The stricken Höegh Osaka was 'deliberately grounded' in the Solent, a press conference was told.

The Höegh Osaka cargo ship, carrying 1,400 cars and 70 to 80 pieces of construction equipment, was deliberately run aground on the Bramble Bank in the entrance to Southampton Water, a press conference was told.

Chief executive officer of Höegh Autoliners, Ingar Skiaker, said the pilot and master of the ship made the ‘quick decision’ after the ship began ‘severely listing’ and was believed to be at risk of capsizing.

The incident occurred at about 9.30pm on Saturday when Höegh Osaka was en route to Germany. A major rescue operation was launched to save the crew members, two of whom were taken to hospital with minor injuries.

Now all 24 crew and pilot have been rescued from the stricken Höegh Osaka in the Solent, protecting the environment is the top priority, the press conference was told.

Mr Skiaker said: ‘At this stage it’s too early to speculate on the cause.

‘All we know is that the vessel developed a severe list as it left the Port of Southampton and the pilot and master of the ship decided to ground it on the bank. They showed great skill and seamanship and had to make quick decisions.’

Hoegh Osaka

The Hoegh Osaka listing heavily and hard aground inside West Bramble cardinal mark in the central Solent today

He added: ‘Now we have all the crew plus the pilot evacuated from the vessel and accounted for. Two crew members were taken to the hospital with minor injuries. To my knowledge one of them had a broken leg.

‘The crew are being offered a lot of support and assistance to help them cope.

‘I’d like to thank everybody who has been involved in this challenging rescue operation.’

Mr Skiaker said Höegh Autoliners was supporting the various authorities working on the investigation, led by the Marine Accident Investigation Branch (MAIB).

Hugh Shaw, the Secretary Of State’s Representative for Maritime Salvage and Intervention, and ABP Southampton port director Nick Ridehalgh also took part in this evening’s press conference at the Grand Harbour Hotel, Southampton.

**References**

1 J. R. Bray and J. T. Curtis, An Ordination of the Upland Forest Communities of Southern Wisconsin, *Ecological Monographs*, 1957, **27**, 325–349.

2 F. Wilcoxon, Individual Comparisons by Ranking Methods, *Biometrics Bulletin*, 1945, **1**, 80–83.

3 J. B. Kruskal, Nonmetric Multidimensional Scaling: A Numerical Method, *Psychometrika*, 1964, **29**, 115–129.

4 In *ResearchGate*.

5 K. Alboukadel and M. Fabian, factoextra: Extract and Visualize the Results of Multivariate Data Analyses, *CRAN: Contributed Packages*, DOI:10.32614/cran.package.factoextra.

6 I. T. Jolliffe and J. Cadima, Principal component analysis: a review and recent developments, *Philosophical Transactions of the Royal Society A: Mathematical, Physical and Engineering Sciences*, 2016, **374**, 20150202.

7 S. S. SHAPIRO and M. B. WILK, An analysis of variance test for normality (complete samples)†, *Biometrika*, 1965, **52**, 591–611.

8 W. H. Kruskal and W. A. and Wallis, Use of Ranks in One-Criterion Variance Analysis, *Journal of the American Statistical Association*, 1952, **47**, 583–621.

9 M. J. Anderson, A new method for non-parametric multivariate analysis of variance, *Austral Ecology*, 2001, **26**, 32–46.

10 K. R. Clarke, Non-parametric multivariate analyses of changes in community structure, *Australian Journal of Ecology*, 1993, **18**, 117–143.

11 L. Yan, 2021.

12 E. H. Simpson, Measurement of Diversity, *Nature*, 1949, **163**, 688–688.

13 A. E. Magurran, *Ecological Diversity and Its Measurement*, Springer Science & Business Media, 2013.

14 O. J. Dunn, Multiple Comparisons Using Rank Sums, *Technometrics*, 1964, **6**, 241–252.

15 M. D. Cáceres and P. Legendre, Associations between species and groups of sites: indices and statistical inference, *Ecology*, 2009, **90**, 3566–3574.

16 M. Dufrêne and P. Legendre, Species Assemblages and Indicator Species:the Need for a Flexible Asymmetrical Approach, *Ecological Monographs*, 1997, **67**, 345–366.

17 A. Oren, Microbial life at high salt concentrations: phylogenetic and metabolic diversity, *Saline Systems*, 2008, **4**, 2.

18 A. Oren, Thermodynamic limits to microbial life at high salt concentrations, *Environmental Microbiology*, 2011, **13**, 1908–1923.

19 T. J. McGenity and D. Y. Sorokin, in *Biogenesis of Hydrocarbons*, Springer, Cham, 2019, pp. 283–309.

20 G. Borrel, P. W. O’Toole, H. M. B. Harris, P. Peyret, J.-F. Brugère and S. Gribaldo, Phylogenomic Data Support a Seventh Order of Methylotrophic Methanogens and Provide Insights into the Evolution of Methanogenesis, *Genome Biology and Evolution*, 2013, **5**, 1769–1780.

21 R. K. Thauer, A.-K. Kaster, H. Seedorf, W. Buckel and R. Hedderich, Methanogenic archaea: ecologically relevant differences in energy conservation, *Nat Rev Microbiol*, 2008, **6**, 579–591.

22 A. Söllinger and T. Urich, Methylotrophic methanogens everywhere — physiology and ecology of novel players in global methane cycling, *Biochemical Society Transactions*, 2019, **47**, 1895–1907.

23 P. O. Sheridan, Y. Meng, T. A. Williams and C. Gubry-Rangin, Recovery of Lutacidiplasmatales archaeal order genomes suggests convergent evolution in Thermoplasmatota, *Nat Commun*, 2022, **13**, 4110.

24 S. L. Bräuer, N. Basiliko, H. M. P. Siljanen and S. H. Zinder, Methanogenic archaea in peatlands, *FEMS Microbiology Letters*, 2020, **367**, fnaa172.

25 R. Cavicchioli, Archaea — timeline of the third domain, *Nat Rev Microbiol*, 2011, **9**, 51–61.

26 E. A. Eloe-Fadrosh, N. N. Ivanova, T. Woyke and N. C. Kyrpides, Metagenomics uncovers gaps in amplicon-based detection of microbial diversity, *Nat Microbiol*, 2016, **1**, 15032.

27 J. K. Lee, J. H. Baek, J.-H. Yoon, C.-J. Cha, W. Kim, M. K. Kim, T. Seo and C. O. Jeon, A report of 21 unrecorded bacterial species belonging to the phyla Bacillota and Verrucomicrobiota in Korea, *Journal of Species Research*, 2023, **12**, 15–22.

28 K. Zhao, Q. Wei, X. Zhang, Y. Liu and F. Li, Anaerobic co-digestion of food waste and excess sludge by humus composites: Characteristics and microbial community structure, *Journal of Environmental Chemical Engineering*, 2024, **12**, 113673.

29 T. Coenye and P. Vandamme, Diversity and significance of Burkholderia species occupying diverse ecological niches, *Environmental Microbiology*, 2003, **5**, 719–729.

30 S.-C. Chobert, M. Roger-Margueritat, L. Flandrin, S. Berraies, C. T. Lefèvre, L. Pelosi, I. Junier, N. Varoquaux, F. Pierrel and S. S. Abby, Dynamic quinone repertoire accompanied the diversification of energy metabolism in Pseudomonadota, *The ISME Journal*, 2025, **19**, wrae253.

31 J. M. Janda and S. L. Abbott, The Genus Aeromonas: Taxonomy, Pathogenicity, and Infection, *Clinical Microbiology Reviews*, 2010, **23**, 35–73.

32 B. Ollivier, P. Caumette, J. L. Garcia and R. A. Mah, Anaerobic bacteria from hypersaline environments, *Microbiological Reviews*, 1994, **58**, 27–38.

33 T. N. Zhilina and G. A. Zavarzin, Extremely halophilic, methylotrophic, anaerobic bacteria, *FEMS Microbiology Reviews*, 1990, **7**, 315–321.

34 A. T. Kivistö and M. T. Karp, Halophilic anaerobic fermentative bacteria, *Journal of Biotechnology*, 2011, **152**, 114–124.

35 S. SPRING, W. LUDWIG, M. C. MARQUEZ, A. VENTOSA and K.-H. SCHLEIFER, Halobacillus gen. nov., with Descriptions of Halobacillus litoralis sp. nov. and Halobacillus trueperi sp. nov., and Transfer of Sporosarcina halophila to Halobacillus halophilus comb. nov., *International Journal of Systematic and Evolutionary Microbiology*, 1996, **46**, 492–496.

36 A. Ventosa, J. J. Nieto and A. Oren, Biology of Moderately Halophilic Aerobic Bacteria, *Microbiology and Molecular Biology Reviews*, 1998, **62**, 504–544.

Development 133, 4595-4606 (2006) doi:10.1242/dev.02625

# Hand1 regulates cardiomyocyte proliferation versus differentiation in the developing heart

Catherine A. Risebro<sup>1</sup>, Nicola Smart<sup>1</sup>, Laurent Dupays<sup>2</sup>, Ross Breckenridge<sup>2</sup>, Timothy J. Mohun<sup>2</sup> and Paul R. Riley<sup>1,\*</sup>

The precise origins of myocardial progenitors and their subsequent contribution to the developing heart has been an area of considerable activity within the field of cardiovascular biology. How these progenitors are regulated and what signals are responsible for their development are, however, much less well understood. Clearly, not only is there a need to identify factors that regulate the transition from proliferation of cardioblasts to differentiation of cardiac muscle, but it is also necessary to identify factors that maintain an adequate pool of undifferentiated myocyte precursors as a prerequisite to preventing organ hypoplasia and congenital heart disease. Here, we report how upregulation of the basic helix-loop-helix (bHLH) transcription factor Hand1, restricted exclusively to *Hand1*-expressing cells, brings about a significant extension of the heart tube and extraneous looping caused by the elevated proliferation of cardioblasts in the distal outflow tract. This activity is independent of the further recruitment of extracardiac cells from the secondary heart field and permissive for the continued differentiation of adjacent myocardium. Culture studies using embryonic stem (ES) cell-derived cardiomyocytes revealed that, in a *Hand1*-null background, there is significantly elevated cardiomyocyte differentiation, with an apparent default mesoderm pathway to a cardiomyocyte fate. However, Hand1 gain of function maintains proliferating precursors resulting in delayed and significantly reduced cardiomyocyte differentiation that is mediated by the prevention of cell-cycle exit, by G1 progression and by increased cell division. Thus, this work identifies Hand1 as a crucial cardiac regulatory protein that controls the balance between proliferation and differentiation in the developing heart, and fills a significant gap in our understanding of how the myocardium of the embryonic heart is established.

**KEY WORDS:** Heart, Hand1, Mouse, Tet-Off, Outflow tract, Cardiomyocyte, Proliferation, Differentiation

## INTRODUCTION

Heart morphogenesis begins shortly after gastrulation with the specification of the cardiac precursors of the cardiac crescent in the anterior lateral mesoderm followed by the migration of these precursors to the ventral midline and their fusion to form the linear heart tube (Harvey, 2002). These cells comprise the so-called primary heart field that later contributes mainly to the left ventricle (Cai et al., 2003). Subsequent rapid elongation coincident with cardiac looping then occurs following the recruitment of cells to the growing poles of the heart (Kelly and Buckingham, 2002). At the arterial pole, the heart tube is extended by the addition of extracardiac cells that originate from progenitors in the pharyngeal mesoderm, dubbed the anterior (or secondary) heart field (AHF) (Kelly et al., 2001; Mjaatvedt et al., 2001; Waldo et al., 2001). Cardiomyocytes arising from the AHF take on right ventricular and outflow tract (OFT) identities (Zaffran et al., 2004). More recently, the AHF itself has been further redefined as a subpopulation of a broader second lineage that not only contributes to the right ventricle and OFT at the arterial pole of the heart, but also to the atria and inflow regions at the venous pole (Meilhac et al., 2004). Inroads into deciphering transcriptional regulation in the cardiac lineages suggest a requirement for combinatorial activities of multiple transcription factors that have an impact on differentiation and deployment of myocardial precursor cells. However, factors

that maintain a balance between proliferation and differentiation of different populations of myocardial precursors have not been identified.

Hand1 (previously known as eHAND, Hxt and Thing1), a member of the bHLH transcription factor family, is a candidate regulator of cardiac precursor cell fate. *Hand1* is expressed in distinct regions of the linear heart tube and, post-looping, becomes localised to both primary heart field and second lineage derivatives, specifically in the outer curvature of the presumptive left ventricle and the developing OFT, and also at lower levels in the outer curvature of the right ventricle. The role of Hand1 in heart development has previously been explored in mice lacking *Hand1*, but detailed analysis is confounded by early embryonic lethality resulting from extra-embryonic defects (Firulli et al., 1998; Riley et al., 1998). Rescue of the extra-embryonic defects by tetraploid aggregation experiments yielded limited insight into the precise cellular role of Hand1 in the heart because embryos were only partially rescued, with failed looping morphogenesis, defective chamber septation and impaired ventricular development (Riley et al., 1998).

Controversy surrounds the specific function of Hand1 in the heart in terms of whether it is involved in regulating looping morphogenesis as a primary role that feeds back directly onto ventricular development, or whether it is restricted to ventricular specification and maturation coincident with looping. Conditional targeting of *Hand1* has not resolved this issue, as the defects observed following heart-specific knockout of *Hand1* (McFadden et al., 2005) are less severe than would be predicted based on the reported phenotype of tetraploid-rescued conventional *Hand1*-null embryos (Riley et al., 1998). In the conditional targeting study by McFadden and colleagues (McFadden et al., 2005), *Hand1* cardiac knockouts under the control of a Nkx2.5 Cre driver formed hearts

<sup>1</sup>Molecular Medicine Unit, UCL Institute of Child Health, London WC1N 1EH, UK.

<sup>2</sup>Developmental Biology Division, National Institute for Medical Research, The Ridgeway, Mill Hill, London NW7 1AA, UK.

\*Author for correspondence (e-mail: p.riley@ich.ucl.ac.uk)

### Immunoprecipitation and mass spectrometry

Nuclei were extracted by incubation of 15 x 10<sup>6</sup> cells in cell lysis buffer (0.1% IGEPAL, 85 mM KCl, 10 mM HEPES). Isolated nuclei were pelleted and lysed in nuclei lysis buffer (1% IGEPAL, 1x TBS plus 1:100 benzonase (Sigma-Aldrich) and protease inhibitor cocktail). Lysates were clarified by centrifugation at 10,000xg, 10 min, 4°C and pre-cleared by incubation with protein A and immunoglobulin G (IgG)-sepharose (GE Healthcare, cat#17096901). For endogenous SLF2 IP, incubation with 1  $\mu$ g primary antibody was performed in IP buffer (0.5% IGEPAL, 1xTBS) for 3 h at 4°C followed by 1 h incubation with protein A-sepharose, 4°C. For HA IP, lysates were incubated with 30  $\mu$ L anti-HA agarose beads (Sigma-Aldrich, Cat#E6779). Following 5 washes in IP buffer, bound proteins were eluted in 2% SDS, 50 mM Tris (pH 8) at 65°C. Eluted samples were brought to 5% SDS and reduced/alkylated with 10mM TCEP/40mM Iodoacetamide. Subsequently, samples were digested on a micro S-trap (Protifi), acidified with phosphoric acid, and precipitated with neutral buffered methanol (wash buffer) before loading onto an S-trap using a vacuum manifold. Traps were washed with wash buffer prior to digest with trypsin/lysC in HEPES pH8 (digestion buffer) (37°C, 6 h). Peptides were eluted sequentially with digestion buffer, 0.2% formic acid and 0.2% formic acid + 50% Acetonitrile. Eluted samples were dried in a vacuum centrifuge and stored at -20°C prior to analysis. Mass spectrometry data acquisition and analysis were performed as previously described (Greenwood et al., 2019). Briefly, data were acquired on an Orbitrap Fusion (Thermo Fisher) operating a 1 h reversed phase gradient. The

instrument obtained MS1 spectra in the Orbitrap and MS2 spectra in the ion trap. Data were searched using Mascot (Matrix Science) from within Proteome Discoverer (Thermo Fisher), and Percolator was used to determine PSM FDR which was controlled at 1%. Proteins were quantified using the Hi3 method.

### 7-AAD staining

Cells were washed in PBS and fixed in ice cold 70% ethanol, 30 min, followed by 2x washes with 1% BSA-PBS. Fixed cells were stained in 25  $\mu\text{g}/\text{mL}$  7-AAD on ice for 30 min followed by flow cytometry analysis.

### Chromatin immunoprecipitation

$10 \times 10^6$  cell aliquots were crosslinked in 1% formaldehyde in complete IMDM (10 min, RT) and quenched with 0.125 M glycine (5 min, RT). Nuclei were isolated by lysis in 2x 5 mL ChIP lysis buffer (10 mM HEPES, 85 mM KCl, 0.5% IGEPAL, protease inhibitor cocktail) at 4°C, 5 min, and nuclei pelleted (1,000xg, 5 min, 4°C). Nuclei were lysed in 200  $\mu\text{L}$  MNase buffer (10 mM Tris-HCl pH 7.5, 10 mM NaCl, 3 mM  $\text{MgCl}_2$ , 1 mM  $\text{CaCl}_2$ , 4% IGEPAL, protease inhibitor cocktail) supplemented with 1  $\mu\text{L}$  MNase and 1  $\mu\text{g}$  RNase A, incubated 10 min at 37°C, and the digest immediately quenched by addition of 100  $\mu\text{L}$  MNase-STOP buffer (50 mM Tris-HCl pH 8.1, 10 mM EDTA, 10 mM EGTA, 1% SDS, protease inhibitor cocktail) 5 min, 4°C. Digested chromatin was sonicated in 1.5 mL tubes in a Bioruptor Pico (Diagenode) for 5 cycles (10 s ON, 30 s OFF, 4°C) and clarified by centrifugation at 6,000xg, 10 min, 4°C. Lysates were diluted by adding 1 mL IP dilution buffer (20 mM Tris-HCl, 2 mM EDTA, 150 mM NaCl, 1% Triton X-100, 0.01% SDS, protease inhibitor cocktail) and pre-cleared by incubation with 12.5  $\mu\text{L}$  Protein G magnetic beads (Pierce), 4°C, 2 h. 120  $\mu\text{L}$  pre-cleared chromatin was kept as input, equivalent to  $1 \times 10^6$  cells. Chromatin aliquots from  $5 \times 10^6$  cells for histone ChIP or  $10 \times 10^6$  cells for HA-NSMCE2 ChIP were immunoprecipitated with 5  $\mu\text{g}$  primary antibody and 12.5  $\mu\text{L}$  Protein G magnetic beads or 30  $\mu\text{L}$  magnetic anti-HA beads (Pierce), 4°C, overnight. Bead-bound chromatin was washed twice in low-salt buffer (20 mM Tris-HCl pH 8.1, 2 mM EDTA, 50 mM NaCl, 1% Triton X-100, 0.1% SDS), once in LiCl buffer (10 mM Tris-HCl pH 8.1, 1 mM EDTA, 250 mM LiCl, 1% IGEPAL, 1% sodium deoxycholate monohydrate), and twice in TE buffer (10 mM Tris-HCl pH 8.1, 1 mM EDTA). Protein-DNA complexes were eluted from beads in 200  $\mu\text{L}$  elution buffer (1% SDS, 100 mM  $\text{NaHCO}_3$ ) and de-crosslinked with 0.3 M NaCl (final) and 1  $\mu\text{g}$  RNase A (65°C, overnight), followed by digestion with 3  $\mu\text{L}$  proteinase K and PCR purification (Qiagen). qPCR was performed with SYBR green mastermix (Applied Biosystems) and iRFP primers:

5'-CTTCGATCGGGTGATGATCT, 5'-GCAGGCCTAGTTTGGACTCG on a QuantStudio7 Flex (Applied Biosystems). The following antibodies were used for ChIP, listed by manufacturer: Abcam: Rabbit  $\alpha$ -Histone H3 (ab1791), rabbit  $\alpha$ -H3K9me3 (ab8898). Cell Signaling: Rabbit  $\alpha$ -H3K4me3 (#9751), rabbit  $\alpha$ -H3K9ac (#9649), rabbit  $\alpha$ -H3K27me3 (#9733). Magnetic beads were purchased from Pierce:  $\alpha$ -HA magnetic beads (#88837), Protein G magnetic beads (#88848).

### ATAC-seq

Mr Shaw : The vessel is listing about 52 degrees, quite substantially. It will be quite difficult for anybody going on board to work on the vessel.

‘We’ve been talking with other key stakeholders and it’s become clear this isn’t going to be a quick incident.

‘Over the next few days the salvors will be gathering more information to put together a salvage plan.’

Mr Shaw said there had been no loss of the 500 tonnes of fuel on board into the environment.

He added: ‘We want to keep it this way. We’re not looking for a quick fix here. We want to make sure a proper plan is made before we attempt to refloat the vessel and bring her back into port.’

While there is some ‘heavy fuel oil’ on board, Mr Shaw said the highest proportion is marine diesel. He added: ‘Although this would be damaging to the environment it wouldn’t be catastrophic from that point of view.’

Exclusion zone

A temporary 200m exclusion zone has been put in place around the cargo ship to ‘keep small craft away from the vessel itself, simply to enable the tugs to work on the vessel’, Mr Shaw said.

He added: ‘Over the next few days the weather is looking favourable, certainly up to Wednesday.

‘From Wednesday there will be slight deterioration of the weather and we’re looking to bring in other assets, other tugs etc to make sure we can hold the vessel on the bank until we’re ready to salvage it.’

Port ‘open for business’

Mr Ridehalgh also expressed gratitude to all those involved in the rescue operation.

He said: ‘ABP as the statutory harbour authority will continue to co-operate fully.

‘An important point is that despite the exclusion zone, the Port of Southampton is open for business, the grounding took place as a result of a quick decision by the ship’s master and pilot.

‘Vessels are able to transit to and from Southampton unimpeded.’

He added: ‘The actions of the pilot and the master of the ship actually grounding the ship meant it is in as safe as possible position. I imagine there was an awful lot of skill and seamanship required to do that.

‘There was the potential that if this action hadn’t been taken, there was potential for this vessel to capsize.’

What’s next?

Mr Skiaker added that the Höegh Osaka was only one third full so it had not been overloaded. He said the cars on board were both ‘prestige and standard’, of various models.

He said: ‘We want to make sure the salvage operation can go ahead without harming the environment. We will support the salvage operation and the investigation to find out what happened.’

Mr Shaw said for the time being the safest place for the oil was on the vessel, although this would be assessed as part of the salvage plan and it may have to be removed before the ship is refloated.

He said: ‘It would be wrong to speculate but it’s certainly going to be days, going into perhaps a week.’

Refloating the ship would also be subject to weather and tidal conditions.

Mr Shaw added: ‘First and foremost we’re looking at protecting the environment.’